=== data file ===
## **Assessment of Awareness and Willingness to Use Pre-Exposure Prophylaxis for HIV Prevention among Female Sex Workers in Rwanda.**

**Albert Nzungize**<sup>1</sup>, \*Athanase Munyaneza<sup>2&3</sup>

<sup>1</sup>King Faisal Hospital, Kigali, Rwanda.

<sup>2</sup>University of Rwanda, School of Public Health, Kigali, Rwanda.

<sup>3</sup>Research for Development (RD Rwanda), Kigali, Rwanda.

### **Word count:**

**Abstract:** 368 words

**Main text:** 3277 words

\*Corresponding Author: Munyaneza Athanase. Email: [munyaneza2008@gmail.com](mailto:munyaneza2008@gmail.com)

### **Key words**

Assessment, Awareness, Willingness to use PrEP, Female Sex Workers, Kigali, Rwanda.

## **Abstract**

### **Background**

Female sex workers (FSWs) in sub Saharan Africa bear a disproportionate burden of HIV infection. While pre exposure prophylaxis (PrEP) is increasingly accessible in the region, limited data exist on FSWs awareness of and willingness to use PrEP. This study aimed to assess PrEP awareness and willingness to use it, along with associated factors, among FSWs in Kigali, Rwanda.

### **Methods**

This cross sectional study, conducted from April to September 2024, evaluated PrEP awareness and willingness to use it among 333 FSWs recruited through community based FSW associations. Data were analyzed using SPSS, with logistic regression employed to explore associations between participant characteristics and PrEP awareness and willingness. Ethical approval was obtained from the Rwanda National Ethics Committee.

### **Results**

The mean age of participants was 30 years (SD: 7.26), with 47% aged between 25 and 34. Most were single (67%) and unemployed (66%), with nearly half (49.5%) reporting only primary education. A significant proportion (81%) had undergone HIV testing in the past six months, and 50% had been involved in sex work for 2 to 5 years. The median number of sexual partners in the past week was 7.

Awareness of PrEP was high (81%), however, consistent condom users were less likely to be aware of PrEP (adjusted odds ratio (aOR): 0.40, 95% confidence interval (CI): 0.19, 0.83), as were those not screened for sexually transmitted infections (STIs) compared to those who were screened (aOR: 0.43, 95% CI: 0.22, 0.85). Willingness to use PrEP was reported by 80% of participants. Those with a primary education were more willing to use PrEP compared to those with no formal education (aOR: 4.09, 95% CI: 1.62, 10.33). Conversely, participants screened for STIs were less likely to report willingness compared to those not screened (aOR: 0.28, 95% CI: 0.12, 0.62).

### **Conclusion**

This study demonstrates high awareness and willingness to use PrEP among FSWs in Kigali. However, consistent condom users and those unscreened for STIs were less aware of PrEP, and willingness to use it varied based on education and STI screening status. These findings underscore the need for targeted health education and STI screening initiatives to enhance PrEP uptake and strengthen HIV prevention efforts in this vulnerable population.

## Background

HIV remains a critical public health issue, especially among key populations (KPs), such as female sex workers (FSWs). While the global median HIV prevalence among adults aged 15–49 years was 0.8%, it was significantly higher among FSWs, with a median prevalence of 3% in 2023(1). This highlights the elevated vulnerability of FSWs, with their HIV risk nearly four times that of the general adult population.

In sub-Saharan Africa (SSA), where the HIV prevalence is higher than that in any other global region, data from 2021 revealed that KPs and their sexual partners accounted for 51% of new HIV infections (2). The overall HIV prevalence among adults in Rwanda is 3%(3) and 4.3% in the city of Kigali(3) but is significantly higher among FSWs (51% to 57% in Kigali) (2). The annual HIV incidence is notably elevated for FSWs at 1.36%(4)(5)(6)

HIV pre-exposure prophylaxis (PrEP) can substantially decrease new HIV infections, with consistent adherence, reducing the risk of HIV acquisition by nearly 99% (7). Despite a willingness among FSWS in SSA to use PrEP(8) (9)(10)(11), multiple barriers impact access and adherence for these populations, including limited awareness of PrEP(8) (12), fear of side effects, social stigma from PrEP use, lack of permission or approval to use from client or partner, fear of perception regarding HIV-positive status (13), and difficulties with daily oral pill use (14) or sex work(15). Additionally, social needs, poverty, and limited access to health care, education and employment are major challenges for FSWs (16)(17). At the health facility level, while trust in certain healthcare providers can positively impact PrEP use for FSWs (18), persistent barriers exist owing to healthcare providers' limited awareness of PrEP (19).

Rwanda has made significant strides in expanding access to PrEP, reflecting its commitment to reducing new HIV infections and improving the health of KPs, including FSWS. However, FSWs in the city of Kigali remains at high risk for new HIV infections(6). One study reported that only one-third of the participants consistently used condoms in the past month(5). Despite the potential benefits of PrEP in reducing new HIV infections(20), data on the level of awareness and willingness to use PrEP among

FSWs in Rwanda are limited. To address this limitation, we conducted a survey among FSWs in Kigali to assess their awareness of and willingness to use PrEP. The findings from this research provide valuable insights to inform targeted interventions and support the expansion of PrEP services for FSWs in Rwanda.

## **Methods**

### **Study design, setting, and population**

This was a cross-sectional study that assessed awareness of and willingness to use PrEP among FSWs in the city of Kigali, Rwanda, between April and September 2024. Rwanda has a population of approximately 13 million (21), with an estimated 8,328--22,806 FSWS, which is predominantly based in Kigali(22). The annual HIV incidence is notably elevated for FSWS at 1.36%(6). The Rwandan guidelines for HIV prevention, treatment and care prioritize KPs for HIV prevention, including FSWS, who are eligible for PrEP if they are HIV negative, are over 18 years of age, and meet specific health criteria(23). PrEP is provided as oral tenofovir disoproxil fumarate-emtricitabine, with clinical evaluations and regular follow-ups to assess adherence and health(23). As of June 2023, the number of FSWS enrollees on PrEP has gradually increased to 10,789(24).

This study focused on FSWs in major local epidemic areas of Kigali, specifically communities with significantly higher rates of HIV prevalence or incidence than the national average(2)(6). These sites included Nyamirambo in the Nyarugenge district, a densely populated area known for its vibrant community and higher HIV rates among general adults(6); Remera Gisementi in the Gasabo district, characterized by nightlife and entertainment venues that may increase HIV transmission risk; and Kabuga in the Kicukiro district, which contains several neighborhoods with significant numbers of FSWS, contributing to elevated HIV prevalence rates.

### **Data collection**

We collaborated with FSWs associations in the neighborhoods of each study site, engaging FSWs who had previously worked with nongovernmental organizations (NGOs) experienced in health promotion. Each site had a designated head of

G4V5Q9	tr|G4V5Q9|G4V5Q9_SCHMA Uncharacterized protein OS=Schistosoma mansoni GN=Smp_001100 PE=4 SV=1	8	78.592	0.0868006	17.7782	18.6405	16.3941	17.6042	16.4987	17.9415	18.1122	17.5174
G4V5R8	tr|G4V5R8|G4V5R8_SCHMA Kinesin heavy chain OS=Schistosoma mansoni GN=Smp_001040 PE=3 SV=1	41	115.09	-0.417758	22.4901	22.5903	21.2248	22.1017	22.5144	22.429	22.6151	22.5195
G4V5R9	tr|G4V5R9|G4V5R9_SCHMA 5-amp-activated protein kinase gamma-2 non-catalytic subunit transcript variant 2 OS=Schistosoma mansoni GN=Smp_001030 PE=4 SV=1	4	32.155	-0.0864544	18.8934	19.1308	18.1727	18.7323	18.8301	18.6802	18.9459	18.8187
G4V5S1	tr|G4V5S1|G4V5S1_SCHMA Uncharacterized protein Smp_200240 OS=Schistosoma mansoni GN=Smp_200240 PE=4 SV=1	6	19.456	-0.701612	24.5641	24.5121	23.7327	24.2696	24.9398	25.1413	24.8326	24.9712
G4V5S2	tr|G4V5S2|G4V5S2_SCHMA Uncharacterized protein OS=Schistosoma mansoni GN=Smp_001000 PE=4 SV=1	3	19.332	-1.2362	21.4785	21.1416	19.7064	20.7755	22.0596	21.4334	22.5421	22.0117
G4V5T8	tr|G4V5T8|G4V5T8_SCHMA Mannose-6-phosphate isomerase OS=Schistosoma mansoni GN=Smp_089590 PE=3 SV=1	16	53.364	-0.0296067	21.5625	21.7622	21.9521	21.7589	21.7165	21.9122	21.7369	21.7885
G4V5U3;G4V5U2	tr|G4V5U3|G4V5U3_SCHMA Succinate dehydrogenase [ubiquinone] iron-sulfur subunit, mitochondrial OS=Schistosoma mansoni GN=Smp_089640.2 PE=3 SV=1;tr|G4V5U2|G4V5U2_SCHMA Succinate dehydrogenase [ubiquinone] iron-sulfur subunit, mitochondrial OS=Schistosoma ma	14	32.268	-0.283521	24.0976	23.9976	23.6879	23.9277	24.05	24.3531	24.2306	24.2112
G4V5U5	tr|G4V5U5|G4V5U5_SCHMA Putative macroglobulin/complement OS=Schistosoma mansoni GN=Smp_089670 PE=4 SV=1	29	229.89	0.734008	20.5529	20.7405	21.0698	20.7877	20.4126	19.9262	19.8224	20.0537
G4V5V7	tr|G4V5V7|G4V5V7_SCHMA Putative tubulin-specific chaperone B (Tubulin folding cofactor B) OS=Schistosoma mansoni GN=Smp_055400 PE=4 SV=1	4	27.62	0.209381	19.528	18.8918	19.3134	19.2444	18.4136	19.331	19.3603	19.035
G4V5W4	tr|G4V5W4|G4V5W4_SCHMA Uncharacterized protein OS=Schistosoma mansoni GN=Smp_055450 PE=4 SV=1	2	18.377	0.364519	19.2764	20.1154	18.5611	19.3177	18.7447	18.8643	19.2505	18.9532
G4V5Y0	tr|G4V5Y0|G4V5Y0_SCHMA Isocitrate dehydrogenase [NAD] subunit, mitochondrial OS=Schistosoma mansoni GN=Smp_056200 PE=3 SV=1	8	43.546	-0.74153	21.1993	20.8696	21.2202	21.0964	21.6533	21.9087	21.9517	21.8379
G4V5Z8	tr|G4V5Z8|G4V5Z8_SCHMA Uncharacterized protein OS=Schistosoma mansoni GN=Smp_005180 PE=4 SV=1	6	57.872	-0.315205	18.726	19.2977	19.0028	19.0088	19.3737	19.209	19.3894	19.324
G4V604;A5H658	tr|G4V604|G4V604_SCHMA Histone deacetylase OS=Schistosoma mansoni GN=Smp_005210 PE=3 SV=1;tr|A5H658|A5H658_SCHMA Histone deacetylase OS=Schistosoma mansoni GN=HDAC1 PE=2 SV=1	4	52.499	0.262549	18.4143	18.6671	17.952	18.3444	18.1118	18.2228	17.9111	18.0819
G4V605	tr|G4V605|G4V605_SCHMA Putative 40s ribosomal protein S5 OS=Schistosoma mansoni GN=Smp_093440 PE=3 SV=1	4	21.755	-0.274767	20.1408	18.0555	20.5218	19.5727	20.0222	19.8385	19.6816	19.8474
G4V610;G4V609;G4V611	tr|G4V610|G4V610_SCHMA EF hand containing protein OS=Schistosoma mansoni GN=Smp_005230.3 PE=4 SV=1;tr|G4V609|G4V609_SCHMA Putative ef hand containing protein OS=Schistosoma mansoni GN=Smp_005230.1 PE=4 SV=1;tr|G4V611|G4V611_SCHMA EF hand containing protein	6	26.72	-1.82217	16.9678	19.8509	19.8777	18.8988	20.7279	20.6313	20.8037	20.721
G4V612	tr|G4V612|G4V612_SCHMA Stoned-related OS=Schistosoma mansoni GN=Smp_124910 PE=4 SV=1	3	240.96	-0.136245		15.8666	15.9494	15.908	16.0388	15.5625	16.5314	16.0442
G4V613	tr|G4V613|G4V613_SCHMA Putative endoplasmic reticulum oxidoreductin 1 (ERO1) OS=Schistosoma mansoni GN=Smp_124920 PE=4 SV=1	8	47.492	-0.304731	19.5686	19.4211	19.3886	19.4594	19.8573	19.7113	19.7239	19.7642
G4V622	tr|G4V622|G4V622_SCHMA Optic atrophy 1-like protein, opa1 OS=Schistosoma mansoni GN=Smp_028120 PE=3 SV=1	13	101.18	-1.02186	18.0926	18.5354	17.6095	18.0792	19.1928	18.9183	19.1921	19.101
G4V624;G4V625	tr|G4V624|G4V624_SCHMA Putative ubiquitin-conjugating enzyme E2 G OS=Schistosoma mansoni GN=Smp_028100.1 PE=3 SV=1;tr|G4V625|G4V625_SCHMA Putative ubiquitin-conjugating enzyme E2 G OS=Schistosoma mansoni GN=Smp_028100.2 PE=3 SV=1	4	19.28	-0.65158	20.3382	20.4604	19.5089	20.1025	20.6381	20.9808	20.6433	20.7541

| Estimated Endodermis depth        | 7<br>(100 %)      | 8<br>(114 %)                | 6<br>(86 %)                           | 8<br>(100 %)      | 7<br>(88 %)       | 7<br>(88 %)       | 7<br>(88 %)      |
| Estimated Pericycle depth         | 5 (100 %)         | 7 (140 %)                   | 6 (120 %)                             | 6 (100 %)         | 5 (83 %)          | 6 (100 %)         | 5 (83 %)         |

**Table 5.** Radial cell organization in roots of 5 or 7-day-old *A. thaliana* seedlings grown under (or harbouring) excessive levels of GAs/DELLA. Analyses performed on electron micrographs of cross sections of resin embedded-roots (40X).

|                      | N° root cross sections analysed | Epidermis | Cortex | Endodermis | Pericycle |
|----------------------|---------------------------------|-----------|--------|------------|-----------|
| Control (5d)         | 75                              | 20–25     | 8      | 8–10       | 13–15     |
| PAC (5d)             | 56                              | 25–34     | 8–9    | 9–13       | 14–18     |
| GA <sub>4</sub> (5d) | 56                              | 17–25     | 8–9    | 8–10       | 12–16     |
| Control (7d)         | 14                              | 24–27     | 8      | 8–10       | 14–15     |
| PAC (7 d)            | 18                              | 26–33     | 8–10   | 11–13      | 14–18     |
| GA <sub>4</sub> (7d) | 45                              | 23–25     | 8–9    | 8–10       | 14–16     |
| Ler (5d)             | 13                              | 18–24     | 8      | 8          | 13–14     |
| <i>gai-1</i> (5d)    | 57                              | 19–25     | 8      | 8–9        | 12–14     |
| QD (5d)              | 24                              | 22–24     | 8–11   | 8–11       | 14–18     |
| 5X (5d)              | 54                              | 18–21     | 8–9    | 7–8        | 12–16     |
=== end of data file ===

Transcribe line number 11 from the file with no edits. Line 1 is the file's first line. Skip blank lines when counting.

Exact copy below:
Assessment, Awareness, Willingness to use PrEP, Female Sex Workers, Kigali, Rwanda.